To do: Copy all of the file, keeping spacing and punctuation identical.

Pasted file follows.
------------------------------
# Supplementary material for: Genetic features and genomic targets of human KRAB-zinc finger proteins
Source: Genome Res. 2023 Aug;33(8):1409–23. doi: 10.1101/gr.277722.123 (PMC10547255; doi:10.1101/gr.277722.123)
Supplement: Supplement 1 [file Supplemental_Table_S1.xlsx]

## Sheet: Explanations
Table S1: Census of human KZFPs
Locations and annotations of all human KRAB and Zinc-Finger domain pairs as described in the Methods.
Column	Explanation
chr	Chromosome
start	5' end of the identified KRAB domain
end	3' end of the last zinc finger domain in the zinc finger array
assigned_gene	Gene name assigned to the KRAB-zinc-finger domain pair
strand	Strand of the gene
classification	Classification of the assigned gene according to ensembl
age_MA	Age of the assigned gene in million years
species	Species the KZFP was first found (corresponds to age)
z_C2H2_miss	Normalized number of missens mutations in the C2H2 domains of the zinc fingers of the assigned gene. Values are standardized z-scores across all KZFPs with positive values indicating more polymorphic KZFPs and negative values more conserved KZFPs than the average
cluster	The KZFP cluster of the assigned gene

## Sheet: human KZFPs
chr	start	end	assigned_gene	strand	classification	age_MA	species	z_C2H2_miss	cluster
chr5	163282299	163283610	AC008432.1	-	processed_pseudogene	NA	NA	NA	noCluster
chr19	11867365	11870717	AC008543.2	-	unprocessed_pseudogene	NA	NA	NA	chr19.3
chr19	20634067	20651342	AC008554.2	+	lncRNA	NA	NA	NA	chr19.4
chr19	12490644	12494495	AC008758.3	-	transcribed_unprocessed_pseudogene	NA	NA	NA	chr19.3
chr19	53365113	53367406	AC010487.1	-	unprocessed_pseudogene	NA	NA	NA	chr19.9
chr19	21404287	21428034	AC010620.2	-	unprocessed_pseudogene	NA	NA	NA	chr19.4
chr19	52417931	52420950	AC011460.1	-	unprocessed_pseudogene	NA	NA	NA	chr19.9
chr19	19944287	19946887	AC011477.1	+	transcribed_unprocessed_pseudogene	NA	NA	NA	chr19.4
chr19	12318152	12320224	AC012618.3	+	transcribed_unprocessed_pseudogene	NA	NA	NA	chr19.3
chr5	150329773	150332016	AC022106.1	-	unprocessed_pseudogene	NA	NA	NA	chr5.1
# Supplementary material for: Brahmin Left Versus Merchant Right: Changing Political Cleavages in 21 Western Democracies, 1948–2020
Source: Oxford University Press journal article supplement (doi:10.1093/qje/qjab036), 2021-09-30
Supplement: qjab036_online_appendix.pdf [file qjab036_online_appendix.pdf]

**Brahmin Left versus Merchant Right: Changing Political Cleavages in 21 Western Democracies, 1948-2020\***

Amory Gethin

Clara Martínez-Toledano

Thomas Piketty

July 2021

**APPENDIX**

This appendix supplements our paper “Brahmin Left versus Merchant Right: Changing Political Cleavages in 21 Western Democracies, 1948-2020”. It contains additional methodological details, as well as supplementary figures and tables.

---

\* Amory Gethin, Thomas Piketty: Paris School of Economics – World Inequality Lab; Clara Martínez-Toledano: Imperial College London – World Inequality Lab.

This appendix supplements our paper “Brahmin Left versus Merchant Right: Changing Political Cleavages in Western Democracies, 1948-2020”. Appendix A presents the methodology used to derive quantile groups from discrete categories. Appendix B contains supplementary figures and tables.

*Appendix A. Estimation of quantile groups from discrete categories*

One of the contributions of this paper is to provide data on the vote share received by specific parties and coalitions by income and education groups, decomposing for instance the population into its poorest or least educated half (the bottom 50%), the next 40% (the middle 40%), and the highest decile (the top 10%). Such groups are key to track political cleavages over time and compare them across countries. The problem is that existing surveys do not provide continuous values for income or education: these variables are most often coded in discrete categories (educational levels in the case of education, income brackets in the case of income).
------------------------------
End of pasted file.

# Supplementary material for: Genetic features and genomic targets of human KRAB-zinc finger proteins
Source: Genome Res. 2023 Aug;33(8):1409–23. doi: 10.1101/gr.277722.123 (PMC10547255; doi:10.1101/gr.277722.123)
Supplement: Supplement 1 [file Supplemental_Table_S1.xlsx]

## Sheet: Explanations
Table S1: Census of human KZFPs
Locations and annotations of all human KRAB and Zinc-Finger domain pairs as described in the Methods.
Column	Explanation
chr	Chromosome
start	5' end of the identified KRAB domain
end	3' end of the last zinc finger domain in the zinc finger array
assigned_gene	Gene name assigned to the KRAB-zinc-finger domain pair
strand	Strand of the gene
classification	Classification of the assigned gene according to ensembl
age_MA	Age of the assigned gene in million years
species	Species the KZFP was first found (corresponds to age)
z_C2H2_miss	Normalized number of missens mutations in the C2H2 domains of the zinc fingers of the assigned gene. Values are standardized z-scores across all KZFPs with positive values indicating more polymorphic KZFPs and negative values more conserved KZFPs than the average
cluster	The KZFP cluster of the assigned gene

## Sheet: human KZFPs
chr	start	end	assigned_gene	strand	classification	age_MA	species	z_C2H2_miss	cluster
chr5	163282299	163283610	AC008432.1	-	processed_pseudogene	NA	NA	NA	noCluster
chr19	11867365	11870717	AC008543.2	-	unprocessed_pseudogene	NA	NA	NA	chr19.3
chr19	20634067	20651342	AC008554.2	+	lncRNA	NA	NA	NA	chr19.4
chr19	12490644	12494495	AC008758.3	-	transcribed_unprocessed_pseudogene	NA	NA	NA	chr19.3
chr19	53365113	53367406	AC010487.1	-	unprocessed_pseudogene	NA	NA	NA	chr19.9
chr19	21404287	21428034	AC010620.2	-	unprocessed_pseudogene	NA	NA	NA	chr19.4
chr19	52417931	52420950	AC011460.1	-	unprocessed_pseudogene	NA	NA	NA	chr19.9
chr19	19944287	19946887	AC011477.1	+	transcribed_unprocessed_pseudogene	NA	NA	NA	chr19.4
chr19	12318152	12320224	AC012618.3	+	transcribed_unprocessed_pseudogene	NA	NA	NA	chr19.3
chr5	150329773	150332016	AC022106.1	-	unprocessed_pseudogene	NA	NA	NA	chr5.1
# Supplementary material for: Brahmin Left Versus Merchant Right: Changing Political Cleavages in 21 Western Democracies, 1948–2020
Source: Oxford University Press journal article supplement (doi:10.1093/qje/qjab036), 2021-09-30
Supplement: qjab036_online_appendix.pdf [file qjab036_online_appendix.pdf]

**Brahmin Left versus Merchant Right: Changing Political Cleavages in 21 Western Democracies, 1948-2020\***

Amory Gethin

Clara Martínez-Toledano

Thomas Piketty

July 2021

**APPENDIX**

This appendix supplements our paper “Brahmin Left versus Merchant Right: Changing Political Cleavages in 21 Western Democracies, 1948-2020”. It contains additional methodological details, as well as supplementary figures and tables.

---

\* Amory Gethin, Thomas Piketty: Paris School of Economics – World Inequality Lab; Clara Martínez-Toledano: Imperial College London – World Inequality Lab.

This appendix supplements our paper “Brahmin Left versus Merchant Right: Changing Political Cleavages in Western Democracies, 1948-2020”. Appendix A presents the methodology used to derive quantile groups from discrete categories. Appendix B contains supplementary figures and tables.

*Appendix A. Estimation of quantile groups from discrete categories*

One of the contributions of this paper is to provide data on the vote share received by specific parties and coalitions by income and education groups, decomposing for instance the population into its poorest or least educated half (the bottom 50%), the next 40% (the middle 40%), and the highest decile (the top 10%). Such groups are key to track political cleavages over time and compare them across countries. The problem is that existing surveys do not provide continuous values for income or education: these variables are most often coded in discrete categories (educational levels in the case of education, income brackets in the case of income).